Gen. George S. Patton

Gen. George S. Patton.

Veterans Day, celebrated on Nov. 11, is cause for contemplation as well as celebration. Parades featuring people in uniform – those currently serving, those who have served, and others who protect us – should always be welcome. Military uniforms remind us of the role of war in our history – and our present.

From ancient times, parades have been vital to the reintegration of warriors into society. War is profoundly disruptive and disturbing as well as dangerous. Even the rare man who finds combat invigorating and rewarding is in severe need of a welcome home after the killing.

Homer, chronicler of the Trojan War, is extremely sensitive to this. The great classic is divided into two parts. “The Iliad” focuses on the fighting and related events involving Greeks and Trojans; “The Odyssey” describes the very long voyage home of Greek leader Ulysses and his men. They traverse allegorical geography, struggling to put the horrors behind them.

Gen. George S. Patton Jr., a very great American combat leader, was extremely mindful of this dimension. A special ceremony in the Los Angeles Coliseum after the surrender of Nazi Germany featured Patton and Gen. James Doolittle, who led the first air raid on Tokyo not long after Pearl Harbor.

Patton celebrated the accomplishments of his Third Army in the victorious drive across Europe. In honoring his troops, he stressed in particular the 40,000 who lost their lives. Patton made such statements regularly in the few months remaining of his own life.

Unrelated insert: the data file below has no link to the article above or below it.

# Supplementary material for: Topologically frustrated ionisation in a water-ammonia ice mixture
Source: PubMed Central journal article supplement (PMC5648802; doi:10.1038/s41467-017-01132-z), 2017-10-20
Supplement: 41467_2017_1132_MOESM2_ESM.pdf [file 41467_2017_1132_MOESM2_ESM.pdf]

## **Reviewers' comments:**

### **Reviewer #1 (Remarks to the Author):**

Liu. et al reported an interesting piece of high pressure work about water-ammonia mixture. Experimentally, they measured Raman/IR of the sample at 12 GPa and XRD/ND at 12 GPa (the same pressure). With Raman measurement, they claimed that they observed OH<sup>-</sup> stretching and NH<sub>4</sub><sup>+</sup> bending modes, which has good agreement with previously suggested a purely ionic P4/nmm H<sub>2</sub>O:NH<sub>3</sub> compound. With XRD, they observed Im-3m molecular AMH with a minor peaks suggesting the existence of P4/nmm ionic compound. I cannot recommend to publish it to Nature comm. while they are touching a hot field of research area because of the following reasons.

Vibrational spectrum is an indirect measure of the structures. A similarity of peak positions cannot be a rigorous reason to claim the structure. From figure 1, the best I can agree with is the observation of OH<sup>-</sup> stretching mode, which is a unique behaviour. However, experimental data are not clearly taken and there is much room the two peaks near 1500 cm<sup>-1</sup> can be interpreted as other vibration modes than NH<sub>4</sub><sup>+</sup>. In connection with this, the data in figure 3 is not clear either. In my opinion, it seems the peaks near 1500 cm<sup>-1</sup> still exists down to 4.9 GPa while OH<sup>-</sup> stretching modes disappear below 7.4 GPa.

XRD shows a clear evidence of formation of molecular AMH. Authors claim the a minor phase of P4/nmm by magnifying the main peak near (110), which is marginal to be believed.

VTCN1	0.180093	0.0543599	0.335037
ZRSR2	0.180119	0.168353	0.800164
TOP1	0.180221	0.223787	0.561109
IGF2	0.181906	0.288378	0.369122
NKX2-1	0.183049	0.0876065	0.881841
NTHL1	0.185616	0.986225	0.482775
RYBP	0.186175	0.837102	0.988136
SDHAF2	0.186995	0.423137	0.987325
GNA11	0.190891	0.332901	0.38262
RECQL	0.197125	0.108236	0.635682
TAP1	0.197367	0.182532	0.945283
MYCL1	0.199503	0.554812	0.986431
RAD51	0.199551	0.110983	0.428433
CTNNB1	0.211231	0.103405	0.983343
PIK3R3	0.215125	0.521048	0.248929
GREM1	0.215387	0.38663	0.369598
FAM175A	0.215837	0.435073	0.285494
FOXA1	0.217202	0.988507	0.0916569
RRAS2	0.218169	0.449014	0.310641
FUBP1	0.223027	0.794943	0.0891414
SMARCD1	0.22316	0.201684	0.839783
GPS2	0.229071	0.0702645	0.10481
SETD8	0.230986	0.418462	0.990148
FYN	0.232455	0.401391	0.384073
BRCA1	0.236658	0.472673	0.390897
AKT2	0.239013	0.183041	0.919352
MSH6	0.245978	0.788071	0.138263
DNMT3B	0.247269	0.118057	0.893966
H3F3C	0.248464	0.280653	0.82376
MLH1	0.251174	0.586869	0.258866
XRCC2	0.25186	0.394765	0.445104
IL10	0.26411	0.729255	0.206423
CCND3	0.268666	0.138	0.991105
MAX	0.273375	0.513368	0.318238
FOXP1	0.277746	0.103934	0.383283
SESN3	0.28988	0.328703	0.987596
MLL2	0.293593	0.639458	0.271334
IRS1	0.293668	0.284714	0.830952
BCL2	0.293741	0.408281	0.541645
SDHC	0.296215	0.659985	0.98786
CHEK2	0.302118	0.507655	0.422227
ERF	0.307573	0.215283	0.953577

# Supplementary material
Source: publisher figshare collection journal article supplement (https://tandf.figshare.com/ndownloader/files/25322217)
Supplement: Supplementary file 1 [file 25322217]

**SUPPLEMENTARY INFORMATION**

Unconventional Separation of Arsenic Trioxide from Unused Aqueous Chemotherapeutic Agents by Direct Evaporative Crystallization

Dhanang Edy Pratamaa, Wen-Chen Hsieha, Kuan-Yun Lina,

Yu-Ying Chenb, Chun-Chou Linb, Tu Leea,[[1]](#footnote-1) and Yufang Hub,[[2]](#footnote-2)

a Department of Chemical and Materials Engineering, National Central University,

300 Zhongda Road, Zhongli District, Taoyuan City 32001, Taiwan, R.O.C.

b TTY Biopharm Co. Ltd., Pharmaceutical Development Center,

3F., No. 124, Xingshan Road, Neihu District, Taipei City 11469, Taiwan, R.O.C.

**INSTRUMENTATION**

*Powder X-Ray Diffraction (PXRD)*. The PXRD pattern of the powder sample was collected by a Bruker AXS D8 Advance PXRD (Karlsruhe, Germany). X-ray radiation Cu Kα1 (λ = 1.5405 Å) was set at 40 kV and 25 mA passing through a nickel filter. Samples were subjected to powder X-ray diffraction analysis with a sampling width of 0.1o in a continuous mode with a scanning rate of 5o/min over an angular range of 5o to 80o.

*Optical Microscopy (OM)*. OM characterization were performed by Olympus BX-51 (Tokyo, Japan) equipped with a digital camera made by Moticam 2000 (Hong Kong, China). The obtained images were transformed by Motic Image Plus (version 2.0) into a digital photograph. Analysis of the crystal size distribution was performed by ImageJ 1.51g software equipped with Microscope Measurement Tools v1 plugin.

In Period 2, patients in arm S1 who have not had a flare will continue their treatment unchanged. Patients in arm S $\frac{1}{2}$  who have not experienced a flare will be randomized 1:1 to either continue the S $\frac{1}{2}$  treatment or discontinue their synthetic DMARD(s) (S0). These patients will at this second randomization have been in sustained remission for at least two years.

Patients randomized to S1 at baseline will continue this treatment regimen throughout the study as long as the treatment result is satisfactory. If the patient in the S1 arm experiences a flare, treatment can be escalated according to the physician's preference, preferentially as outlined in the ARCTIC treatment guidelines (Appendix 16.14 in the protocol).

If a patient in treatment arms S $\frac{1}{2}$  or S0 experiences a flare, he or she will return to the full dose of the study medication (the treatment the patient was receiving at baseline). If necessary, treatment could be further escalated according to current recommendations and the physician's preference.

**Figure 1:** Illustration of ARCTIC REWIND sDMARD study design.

In World War II, peoples liberated from Axis occupation welcomed Allied troops. Understandably, our media gave special emphasis to this dimension. The Korean War created very strong bonds between the U.S. and the people as well as very effective military of South Korea. The first Gulf War liberated an oppressed population.

The Vietnam and Iraq/Afghanistan wars have been different. During Vietnam, military personnel were strongly encouraged, sometimes ordered, to keep quiet. Opposition to the war became hostility to our own military. There was no collective welcome home. Many aging veterans of that war suffer without a Ulysses, troubled – and troublesome, sometimes criminally.

The Afghanistan and Iraq wars have yet again been different. Visits to Washington D.C. provide reminders of the visibility of the uniformed military, especially on public transportation. President Richard Nixon’s decisive end of the military draft has been crucial in the change.

However, often-rapid rotation of personnel back to war zones is unfair as well as counterproductive. Enormous psychological strains join physical dangers, and families suffer heavily. All-volunteer military recruiting has rendered our services relatively segregated from the rest of our American society.

The military remains a vital engine for equality and opportunity. Gen. Colin Powell and many others demonstrate the point. Powell, from modest origins, achieved the most senior civilian and military posts in our government.

Powell noted he experienced discrimination in the South, but never on post. Our military emphasize merit.

Nov. 11 is a time for reflection while honoring veterans, individually and collectively. Encourage them to run for office. We won the Cold War in part because members of the World War II generation also served in government. Every U.S. President from Harry Truman through George H.W. Bush was a veteran. Today, things are starkly different.

What we need above all is the sort of sensible realism women and men who served bring to policy.

Arthur I. Cyr is Clausen Distinguished Professor at Carthage College and author of “After the Cold War.” Contact him at acyr@carthage.edu.

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